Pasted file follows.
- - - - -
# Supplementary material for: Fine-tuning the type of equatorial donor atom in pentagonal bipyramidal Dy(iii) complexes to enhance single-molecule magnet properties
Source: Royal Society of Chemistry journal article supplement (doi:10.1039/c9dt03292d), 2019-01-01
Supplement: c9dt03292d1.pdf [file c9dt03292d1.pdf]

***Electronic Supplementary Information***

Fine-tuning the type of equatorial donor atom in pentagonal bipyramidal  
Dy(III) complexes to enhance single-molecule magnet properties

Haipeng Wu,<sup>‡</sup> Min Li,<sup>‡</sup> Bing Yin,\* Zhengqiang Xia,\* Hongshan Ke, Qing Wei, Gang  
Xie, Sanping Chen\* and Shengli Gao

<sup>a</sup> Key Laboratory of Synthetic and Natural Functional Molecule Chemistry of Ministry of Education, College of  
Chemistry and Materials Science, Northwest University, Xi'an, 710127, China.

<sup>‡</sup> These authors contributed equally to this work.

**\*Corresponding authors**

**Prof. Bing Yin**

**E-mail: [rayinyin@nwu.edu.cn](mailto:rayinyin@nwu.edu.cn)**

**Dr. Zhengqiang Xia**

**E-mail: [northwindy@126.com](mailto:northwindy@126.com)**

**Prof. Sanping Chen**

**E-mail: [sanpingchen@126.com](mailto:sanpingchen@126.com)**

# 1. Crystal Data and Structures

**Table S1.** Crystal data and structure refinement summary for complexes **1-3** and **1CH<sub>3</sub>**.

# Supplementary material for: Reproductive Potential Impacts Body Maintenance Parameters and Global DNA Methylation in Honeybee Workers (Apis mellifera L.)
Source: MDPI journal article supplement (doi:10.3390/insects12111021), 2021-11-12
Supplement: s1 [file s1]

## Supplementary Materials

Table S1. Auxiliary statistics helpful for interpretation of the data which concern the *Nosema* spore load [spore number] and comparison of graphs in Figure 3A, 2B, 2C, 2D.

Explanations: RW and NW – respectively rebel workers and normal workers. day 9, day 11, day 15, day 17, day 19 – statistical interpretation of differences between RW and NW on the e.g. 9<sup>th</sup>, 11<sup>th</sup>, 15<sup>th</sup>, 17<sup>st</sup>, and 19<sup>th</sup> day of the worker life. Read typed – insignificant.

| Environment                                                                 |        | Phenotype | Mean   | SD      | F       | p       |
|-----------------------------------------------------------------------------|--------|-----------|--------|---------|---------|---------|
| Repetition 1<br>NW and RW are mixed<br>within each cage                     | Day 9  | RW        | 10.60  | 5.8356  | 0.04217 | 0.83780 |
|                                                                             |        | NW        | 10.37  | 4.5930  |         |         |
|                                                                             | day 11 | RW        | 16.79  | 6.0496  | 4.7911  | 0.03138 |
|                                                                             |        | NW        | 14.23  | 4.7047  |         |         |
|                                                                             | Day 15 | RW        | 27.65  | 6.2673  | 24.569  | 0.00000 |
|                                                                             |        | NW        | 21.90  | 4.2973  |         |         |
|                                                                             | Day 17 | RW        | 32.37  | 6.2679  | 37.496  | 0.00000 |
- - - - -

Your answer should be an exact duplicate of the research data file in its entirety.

# Supplementary material for: Fine-tuning the type of equatorial donor atom in pentagonal bipyramidal Dy(iii) complexes to enhance single-molecule magnet properties
Source: Royal Society of Chemistry journal article supplement (doi:10.1039/c9dt03292d), 2019-01-01
Supplement: c9dt03292d1.pdf [file c9dt03292d1.pdf]

***Electronic Supplementary Information***

Fine-tuning the type of equatorial donor atom in pentagonal bipyramidal  
Dy(III) complexes to enhance single-molecule magnet properties

Haipeng Wu,<sup>‡</sup> Min Li,<sup>‡</sup> Bing Yin,\* Zhengqiang Xia,\* Hongshan Ke, Qing Wei, Gang  
Xie, Sanping Chen\* and Shengli Gao

<sup>a</sup> Key Laboratory of Synthetic and Natural Functional Molecule Chemistry of Ministry of Education, College of  
Chemistry and Materials Science, Northwest University, Xi'an, 710127, China.

<sup>‡</sup> These authors contributed equally to this work.

**\*Corresponding authors**

**Prof. Bing Yin**

**E-mail: [rayinyin@nwu.edu.cn](mailto:rayinyin@nwu.edu.cn)**

**Dr. Zhengqiang Xia**

**E-mail: [northwindy@126.com](mailto:northwindy@126.com)**

**Prof. Sanping Chen**

**E-mail: [sanpingchen@126.com](mailto:sanpingchen@126.com)**

# 1. Crystal Data and Structures

**Table S1.** Crystal data and structure refinement summary for complexes **1-3** and **1CH<sub>3</sub>**.

# Supplementary material for: Reproductive Potential Impacts Body Maintenance Parameters and Global DNA Methylation in Honeybee Workers (Apis mellifera L.)
Source: MDPI journal article supplement (doi:10.3390/insects12111021), 2021-11-12
Supplement: s1 [file s1]

## Supplementary Materials

Table S1. Auxiliary statistics helpful for interpretation of the data which concern the *Nosema* spore load [spore number] and comparison of graphs in Figure 3A, 2B, 2C, 2D.

Explanations: RW and NW – respectively rebel workers and normal workers. day 9, day 11, day 15, day 17, day 19 – statistical interpretation of differences between RW and NW on the e.g. 9<sup>th</sup>, 11<sup>th</sup>, 15<sup>th</sup>, 17<sup>st</sup>, and 19<sup>th</sup> day of the worker life. Read typed – insignificant.

| Environment                                                                 |        | Phenotype | Mean   | SD      | F       | p       |
|-----------------------------------------------------------------------------|--------|-----------|--------|---------|---------|---------|
| Repetition 1<br>NW and RW are mixed<br>within each cage                     | Day 9  | RW        | 10.60  | 5.8356  | 0.04217 | 0.83780 |
|                                                                             |        | NW        | 10.37  | 4.5930  |         |         |
|                                                                             | day 11 | RW        | 16.79  | 6.0496  | 4.7911  | 0.03138 |
|                                                                             |        | NW        | 14.23  | 4.7047  |         |         |
|                                                                             | Day 15 | RW        | 27.65  | 6.2673  | 24.569  | 0.00000 |
|                                                                             |        | NW        | 21.90  | 4.2973  |         |         |
|                                                                             | Day 17 | RW        | 32.37  | 6.2679  | 37.496  | 0.00000 |